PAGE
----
The question is apparently simple and has to do with technical matters, that is, with the quality of judo that has been practised at the highest level for a year.
"It is evident that we have not attended the best fights of the century," begins the IJF Sport Director. “It is normal in an abnormal period. What strikes me is that both the national federations and the athletes have known how to adapt well to an extraordinary situation."
Daniel is clear about it: physically the judoka are in exceptional shape. "There is no doubt about that," he says. “Another thing is judo. No-one is surprised that we do not see the best judo of our lives. That said, I am convinced that when the Tokyo Olympics arrive, we will see the best possible judo, given the circumstances."
For Daniel there are countries that are ahead of the rest, “Japan first! We checked it in Tashkent. They are well trained and ready to fight. Then there are three countries that are also ahead of the rest: South Korea, Mongolia and the French women's team. Then there are very interesting cases, like, for example, the women of Serbia."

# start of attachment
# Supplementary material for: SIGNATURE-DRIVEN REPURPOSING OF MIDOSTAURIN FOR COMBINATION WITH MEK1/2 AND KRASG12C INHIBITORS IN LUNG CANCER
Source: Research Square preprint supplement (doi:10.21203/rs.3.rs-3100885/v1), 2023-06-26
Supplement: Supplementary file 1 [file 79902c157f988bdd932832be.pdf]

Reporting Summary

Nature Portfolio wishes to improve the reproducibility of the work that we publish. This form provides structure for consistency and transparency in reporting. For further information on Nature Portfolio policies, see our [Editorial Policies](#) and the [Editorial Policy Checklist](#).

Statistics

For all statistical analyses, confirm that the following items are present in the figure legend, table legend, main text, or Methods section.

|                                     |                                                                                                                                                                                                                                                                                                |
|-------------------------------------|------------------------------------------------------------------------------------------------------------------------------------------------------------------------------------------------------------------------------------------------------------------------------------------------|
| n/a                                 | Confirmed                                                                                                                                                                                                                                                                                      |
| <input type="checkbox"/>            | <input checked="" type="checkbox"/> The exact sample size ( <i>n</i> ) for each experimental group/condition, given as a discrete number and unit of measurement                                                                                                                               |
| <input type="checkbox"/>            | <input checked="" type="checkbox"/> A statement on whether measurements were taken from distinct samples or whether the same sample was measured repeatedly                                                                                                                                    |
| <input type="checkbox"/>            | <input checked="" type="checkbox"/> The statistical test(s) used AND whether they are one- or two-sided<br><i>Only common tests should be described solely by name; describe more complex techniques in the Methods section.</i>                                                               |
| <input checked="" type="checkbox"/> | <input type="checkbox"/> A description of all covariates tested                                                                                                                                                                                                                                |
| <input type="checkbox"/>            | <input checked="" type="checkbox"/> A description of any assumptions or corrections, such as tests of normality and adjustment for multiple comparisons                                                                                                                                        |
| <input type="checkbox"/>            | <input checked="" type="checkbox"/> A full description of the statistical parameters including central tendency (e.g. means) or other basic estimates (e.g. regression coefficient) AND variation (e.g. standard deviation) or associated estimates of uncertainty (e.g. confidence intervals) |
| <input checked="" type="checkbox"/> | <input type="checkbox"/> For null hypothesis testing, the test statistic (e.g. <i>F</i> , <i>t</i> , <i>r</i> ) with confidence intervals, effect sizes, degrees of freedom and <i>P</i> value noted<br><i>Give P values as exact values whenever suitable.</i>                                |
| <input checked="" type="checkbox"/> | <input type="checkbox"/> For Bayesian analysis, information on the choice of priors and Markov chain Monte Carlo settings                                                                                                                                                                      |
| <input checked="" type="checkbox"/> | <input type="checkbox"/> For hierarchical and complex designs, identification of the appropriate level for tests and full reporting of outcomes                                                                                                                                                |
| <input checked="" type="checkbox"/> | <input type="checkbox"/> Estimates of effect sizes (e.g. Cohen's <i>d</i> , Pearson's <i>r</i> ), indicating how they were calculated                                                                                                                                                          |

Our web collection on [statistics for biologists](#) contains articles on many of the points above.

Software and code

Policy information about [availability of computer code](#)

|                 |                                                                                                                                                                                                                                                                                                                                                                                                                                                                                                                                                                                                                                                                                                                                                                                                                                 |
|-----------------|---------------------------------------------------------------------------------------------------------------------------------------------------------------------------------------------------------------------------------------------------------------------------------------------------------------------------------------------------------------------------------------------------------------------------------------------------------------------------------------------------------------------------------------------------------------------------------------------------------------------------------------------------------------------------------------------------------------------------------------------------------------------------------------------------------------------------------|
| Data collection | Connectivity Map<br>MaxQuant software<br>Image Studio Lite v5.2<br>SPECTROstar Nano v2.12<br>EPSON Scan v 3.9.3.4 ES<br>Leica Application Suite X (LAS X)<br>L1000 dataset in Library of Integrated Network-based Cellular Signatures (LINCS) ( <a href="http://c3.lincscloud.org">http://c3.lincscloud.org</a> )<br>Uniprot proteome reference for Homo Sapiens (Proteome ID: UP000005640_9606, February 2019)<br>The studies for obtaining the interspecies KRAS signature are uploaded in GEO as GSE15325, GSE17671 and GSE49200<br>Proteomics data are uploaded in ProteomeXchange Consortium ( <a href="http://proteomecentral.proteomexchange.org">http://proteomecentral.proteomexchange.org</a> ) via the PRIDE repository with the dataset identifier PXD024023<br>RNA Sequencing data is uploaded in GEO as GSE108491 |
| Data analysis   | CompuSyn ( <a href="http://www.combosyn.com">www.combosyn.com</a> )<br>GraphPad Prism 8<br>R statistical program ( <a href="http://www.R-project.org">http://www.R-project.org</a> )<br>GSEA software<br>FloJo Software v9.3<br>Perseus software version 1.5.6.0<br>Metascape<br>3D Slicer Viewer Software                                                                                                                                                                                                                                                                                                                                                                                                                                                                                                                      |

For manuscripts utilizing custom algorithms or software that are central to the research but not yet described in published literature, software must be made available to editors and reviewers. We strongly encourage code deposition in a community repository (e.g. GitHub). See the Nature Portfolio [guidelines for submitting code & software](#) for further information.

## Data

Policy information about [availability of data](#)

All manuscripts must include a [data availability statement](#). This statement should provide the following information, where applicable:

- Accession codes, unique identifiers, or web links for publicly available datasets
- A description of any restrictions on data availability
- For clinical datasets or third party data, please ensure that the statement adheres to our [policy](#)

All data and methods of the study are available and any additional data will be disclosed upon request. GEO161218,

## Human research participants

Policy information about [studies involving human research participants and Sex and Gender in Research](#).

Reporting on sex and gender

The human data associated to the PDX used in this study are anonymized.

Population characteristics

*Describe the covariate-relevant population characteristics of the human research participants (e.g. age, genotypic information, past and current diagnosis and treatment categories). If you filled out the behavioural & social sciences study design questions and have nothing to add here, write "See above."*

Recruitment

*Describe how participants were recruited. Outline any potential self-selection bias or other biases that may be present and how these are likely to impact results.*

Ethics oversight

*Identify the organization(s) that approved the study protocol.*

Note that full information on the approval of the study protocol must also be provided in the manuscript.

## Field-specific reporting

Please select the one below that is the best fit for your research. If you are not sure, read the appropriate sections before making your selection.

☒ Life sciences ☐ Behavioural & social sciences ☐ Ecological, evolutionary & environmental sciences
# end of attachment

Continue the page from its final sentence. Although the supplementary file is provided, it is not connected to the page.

Daniel likes statistics. He writes everything down himself in a notebook that accompanies him everywhere. He has a calculator in his head and his notes translate into consistent conclusions. “The world ranking is a pretty good barometer for the level of each athlete for a two year period. Things, in general, are what they seem and of course many of our assumed certainties are correct, until the Games come, because that is another story and there are no certainties to rely on in advance there."
There is one minute left for the debut speech of the draw; Daniel gets up and while putting on his jacket, ends the talk with a substantial piece of information. “What is happening now is fascinating because there is a great mix of veterans and youngsters. Be careful, though, these young people are not in the process of full growth until the Games of 2024. No, they are knocking on the door of Tokyo and that is exceptional because of the quality and quantity of these young people, who want to become the best right now."
Thanks Daniel and sorry for not letting you talk longer but, you know, the draw does not wait.